The kaval (cevara) is widely used in the musical traditions of Southern, Southeastern and Eastern Serbia.

Presentations of musicians on frescoes of medieval monasteries and churches of this side of the Balkans say that the kaval dates back to the medieval ages. On the side where it is being played, there is a sharp bird which enables the easier obtaining of the tone. The tone is obtained just when the kaval is being stuck to the lips semi-horizontally, or under the angle of 45 degrees, as the player blows straight.


The Moldovan caval has five and sometimes six holes and it is frequently used in traditional folk music both in Romania and Moldova.

Albania and Kosovo[edit]

The Albanian kavall is typically used by the Gheg Albanians of northern Albania, Kosovo, Montenegro, and North Macedonia and by Tosks south of Albania. A kavall is traditionally made of wood. Lately, copper or even bronze has been employed. In Albania, it is called a "Fyell". Most of the melodies are called "Kaba" and "Vaj" which are melancholy, but considered beautiful. It has been said that shepherds sent messages with a kavall when threatened by thieves or in order to send romantic signals to their beloved.

Related flutes[edit]


The svirka (or tsafara, svorche, or little kaval) is a Bulgarian shepherd's flute, consisting of one wooden tube 25 to 50 cm long with six or seven holes for fingers, and a bone lip where it is endblown. It is played much like the kaval.[citation needed]


The blul [hy] (Armenian: բլուլ) is an open end-blown shepherd's flute traditionally played in Armenia and similar in structure to the kaval.[2] It is made of either reed or apricot wood and has eight playing holes, including seven finger holes and one thumb hole. The resulting sound is diatonic, the timbre is described as soft and velvety.[6] The blul is associated with the sring flute and occasionally equated with it,[7] which is also a common term for Armenian end-blown flutes in general.[8]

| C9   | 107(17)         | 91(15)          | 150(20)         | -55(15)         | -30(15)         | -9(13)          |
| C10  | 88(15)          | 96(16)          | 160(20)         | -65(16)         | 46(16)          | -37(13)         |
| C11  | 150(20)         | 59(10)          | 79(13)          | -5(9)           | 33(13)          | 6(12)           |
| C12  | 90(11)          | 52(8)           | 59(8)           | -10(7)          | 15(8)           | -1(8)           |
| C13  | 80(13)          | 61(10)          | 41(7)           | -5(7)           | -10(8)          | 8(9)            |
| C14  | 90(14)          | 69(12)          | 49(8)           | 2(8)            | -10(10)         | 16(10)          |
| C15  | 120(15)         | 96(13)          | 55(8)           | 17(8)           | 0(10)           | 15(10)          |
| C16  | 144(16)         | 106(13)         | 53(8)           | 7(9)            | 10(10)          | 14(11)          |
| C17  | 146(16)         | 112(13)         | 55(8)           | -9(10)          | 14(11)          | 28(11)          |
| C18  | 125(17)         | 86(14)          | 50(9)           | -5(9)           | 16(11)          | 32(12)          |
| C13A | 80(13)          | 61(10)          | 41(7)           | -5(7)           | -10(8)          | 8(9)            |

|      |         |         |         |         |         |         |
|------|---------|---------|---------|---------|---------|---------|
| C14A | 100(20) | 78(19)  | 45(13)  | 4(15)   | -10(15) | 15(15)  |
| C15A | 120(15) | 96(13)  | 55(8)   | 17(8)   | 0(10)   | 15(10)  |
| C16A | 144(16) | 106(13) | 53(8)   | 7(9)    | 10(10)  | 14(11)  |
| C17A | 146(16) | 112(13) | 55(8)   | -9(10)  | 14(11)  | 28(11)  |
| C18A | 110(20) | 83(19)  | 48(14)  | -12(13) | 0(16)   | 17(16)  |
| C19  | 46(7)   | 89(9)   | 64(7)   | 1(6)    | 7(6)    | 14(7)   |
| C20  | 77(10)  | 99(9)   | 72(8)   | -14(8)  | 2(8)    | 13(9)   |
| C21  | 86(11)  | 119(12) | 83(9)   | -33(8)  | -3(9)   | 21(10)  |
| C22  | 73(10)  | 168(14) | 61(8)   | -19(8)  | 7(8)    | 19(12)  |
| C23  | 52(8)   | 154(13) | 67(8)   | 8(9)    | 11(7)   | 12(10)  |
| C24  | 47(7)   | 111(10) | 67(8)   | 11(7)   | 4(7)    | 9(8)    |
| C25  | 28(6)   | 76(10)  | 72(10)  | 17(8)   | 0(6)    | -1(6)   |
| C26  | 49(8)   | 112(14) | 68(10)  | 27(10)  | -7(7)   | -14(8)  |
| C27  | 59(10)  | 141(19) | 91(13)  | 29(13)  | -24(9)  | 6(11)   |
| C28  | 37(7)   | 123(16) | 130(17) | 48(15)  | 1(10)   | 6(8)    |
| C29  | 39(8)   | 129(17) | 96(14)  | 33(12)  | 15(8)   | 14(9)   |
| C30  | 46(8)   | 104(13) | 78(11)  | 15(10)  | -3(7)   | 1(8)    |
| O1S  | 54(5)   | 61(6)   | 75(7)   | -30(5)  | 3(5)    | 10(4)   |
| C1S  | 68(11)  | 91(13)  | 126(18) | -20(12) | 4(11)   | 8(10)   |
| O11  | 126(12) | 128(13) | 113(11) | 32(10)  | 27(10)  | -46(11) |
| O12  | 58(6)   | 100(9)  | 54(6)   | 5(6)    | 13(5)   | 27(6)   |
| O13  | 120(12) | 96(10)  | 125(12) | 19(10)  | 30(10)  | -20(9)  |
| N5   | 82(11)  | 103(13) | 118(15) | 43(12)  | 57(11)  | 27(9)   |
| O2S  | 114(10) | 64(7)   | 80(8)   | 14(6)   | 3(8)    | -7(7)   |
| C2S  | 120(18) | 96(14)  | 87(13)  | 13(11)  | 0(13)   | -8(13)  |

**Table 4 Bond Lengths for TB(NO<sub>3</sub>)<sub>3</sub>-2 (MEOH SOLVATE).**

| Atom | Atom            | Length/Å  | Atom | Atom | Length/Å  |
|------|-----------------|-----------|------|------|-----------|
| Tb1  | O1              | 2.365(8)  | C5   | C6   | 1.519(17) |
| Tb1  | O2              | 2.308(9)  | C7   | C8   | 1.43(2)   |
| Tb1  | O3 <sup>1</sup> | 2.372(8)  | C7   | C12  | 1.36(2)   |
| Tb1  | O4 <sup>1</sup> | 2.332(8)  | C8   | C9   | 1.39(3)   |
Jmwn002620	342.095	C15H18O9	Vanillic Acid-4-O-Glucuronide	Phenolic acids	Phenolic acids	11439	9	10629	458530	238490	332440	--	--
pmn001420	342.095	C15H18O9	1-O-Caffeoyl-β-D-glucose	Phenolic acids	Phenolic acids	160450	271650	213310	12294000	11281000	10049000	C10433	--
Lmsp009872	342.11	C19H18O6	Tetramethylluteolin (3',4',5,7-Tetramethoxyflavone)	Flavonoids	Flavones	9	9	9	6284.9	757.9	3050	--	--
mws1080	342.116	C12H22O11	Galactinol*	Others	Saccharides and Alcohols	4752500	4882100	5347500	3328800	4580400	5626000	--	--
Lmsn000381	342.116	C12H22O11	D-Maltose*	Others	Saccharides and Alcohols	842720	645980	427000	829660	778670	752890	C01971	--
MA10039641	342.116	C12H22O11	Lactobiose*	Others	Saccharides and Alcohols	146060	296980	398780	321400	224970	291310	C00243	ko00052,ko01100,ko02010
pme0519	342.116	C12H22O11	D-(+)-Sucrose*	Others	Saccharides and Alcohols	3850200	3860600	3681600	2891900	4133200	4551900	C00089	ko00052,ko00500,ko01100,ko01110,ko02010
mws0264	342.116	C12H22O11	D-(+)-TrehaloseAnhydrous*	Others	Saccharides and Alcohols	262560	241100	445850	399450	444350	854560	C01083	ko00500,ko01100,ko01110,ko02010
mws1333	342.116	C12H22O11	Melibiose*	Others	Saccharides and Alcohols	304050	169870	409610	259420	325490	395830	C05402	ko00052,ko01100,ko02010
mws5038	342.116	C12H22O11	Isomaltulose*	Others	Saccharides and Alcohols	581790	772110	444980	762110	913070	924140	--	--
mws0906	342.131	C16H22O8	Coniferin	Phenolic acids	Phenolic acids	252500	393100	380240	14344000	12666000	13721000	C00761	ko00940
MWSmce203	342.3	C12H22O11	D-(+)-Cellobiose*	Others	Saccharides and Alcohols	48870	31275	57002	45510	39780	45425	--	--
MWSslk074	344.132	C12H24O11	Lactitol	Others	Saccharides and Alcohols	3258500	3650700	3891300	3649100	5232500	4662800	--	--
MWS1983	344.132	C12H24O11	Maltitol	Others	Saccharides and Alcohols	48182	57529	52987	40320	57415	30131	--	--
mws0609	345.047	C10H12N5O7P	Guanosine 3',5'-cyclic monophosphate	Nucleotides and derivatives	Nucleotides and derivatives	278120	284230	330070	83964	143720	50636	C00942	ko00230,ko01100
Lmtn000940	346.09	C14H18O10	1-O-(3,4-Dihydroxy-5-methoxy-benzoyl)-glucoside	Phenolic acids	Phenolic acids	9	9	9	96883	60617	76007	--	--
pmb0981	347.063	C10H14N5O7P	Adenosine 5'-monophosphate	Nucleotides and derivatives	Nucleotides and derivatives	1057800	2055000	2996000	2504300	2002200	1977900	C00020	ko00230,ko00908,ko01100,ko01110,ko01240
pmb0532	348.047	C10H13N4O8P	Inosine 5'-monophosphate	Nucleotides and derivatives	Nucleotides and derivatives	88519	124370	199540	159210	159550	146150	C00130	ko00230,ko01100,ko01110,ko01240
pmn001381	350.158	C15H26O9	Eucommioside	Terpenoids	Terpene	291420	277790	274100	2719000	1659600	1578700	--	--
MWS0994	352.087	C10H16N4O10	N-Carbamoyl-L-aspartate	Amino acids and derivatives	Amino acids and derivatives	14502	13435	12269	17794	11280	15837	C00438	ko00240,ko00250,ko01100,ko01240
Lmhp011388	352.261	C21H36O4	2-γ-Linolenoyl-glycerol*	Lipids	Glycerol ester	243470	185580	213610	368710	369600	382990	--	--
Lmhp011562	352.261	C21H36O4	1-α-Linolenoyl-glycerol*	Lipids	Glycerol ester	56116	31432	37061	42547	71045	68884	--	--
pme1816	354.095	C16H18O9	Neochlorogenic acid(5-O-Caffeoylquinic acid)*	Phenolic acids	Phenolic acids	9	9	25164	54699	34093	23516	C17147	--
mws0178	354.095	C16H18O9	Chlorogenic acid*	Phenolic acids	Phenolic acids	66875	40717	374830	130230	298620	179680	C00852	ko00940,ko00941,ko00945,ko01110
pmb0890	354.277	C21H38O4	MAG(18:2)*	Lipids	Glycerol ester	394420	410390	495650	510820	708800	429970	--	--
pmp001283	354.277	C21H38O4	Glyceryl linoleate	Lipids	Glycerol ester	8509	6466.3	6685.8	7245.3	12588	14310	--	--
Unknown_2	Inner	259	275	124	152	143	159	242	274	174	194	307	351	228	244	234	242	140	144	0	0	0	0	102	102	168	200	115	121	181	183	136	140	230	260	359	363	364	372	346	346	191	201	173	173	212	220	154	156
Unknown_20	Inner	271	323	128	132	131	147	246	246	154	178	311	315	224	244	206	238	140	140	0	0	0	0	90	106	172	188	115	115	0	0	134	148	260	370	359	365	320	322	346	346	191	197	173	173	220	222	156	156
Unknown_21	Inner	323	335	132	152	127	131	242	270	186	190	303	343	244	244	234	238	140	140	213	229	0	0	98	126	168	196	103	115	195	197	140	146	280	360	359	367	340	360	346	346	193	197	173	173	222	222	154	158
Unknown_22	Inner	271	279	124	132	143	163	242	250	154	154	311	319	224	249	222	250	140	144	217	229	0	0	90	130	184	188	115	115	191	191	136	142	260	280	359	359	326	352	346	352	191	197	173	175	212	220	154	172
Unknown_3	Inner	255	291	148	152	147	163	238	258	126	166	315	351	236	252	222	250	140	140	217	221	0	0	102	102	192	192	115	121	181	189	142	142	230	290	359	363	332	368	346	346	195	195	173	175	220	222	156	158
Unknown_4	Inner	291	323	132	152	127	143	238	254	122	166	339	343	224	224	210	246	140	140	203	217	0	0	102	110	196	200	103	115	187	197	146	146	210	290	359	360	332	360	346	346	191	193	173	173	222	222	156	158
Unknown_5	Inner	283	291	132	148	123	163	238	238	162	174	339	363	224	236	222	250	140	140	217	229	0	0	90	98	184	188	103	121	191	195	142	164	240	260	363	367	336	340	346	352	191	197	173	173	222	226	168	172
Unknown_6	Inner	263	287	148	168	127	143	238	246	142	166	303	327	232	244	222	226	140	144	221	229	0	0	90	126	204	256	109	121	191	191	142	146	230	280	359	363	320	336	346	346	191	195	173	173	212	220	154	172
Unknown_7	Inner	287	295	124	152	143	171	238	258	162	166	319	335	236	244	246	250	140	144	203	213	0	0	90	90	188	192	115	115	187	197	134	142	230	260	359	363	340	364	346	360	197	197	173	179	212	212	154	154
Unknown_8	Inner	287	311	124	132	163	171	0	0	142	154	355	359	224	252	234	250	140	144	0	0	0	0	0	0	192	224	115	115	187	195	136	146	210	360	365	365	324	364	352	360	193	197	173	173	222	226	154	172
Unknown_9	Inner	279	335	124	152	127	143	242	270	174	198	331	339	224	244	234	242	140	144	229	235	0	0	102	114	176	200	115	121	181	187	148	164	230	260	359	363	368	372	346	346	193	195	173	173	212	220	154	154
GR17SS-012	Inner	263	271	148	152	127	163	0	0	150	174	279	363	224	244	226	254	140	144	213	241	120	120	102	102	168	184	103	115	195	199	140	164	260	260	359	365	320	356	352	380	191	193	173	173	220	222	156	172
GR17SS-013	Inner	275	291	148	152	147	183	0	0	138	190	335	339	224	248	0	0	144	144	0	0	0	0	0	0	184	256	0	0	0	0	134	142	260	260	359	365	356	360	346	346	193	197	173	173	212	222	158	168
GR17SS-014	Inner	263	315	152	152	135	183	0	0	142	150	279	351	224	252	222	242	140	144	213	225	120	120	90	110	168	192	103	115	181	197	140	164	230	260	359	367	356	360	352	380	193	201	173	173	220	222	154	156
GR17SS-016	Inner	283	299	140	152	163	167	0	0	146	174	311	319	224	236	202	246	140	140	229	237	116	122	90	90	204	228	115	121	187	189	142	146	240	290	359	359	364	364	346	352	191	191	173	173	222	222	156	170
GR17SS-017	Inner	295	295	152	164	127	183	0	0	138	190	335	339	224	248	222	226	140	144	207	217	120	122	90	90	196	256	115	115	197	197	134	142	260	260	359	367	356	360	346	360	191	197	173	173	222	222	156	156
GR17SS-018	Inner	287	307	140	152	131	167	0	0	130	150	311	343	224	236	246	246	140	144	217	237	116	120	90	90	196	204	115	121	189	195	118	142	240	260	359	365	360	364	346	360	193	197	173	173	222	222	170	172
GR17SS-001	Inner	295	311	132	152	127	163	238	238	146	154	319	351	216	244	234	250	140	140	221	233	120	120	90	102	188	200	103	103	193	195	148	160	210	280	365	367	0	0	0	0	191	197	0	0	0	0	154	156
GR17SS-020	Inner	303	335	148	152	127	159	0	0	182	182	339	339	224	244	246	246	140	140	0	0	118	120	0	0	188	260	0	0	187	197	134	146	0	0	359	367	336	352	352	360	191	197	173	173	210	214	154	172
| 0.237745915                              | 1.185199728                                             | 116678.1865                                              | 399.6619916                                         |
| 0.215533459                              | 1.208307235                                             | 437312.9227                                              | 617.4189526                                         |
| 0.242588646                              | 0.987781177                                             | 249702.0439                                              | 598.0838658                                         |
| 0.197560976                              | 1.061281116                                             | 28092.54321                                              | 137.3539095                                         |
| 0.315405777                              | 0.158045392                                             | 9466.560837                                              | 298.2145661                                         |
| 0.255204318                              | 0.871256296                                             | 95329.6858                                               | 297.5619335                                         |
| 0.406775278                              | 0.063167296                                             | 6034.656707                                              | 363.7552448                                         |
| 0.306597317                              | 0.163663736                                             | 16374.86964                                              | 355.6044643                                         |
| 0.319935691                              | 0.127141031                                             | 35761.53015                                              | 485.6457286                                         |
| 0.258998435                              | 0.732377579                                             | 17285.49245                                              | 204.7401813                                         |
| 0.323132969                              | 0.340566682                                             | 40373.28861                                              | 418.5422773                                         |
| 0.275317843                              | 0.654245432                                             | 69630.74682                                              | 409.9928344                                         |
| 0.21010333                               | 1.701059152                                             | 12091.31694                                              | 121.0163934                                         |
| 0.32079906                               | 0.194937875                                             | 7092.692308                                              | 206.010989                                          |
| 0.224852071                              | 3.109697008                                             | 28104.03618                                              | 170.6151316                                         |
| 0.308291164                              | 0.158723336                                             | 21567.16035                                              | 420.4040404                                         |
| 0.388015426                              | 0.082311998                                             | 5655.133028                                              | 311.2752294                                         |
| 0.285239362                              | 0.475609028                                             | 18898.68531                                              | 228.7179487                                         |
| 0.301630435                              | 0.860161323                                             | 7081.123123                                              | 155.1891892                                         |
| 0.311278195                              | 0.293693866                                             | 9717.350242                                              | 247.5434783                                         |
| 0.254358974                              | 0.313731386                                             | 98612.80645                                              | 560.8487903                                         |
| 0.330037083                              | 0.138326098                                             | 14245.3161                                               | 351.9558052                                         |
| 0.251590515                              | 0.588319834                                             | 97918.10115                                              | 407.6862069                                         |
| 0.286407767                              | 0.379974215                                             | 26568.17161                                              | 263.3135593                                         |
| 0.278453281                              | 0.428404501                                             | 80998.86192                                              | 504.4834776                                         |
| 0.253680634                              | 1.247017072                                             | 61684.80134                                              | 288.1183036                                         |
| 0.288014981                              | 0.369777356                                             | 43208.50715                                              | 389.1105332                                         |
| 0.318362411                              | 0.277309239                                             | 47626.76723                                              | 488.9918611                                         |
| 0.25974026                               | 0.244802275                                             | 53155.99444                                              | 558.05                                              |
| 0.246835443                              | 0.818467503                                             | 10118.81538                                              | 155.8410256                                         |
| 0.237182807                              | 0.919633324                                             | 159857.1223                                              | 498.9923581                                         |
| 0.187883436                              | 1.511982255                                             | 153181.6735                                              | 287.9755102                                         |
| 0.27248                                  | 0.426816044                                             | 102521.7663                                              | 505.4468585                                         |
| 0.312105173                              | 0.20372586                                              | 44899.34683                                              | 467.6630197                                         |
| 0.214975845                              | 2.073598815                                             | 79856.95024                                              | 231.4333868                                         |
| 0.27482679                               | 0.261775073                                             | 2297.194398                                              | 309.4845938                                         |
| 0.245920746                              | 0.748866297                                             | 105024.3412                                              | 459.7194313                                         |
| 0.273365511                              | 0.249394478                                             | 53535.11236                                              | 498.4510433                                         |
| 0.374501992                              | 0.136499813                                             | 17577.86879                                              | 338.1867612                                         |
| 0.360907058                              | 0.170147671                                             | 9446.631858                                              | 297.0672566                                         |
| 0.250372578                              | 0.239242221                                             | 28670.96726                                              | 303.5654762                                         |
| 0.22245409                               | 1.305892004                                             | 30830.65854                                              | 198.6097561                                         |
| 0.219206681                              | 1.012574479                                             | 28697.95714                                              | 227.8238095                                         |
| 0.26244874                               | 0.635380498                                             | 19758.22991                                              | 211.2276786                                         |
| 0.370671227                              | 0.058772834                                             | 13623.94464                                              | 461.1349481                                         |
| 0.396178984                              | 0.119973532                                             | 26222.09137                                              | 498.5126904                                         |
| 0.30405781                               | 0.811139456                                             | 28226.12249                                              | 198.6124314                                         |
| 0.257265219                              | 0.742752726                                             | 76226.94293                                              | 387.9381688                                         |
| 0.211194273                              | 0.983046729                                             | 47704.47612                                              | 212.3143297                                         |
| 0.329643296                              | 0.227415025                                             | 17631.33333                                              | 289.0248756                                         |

Bashkirs and Caucasus[edit]

An open end-blown flute similar to the kaval is used by the Bashkirs and the Caucasians; it is called by such terms as khobyrakh, Quray and choor or shoor.

A typical khobyrakh is a 70 cm-wide, smooth, hollow pipe made of an umbel (hollow stem of a big, parasol-like umbellifer) or wood, with 3 or sometimes 6 finger-holes. Nowadays, it is also made of plastic.[citation needed]

See also[edit]


  1. ^ a b c d e Rechberger, Herman (2018). Balkania: Rhythms in Songs and Dances From Albania, Bulgaria, The Republic of Macedonia, Romania and Serbia. Fennica Gehrman Ltd. p. 136. ISBN 9789525489279. Retrieved 3 August 2019.
  2. ^ a b Courroy, Isabelle. "La famille des flûtes kaval". kaval.org. Retrieved 3 August 2019.
  3. ^ Jeremy Montagu (29 October 2007). Origins and Development of Musical Instruments. Scarecrow Press. pp. 47–. ISBN 978-0-8108-7770-2.
  4. ^ Rowland Picken, Laurence Ernest (1975). Folk Musical Instruments of Turkey. London: Oxford University Press. pp. 394–425. ISBN 0193181029. Retrieved 3 August 2019.
  5. ^ a b "Macedonian Music: A Beautiful Synthesis of Present and Past DD Synthesis". The Japan Foundation. Archived from the original on 3 August 2019. Retrieved 3 August 2019.
  6. ^ "About Armenian Folk Musical Instruments". Dance Ensemble Bert. Retrieved 3 August 2019.
  7. ^ McCollum, Jonathan (2011). "Sring". Oxford Music Online. doi:10.1093/gmo/9781561592630.article.L2214963. ISBN 978-1-56159-263-0. Retrieved 3 August 2019. {{cite book}}: |website= ignored (help); Missing or empty |title= (help)
  8. ^ "Ճանաչե՛նք մեր գործիքները". Music of Armenia. Archived from the original on 3 August 2019. Retrieved 3 August 2019.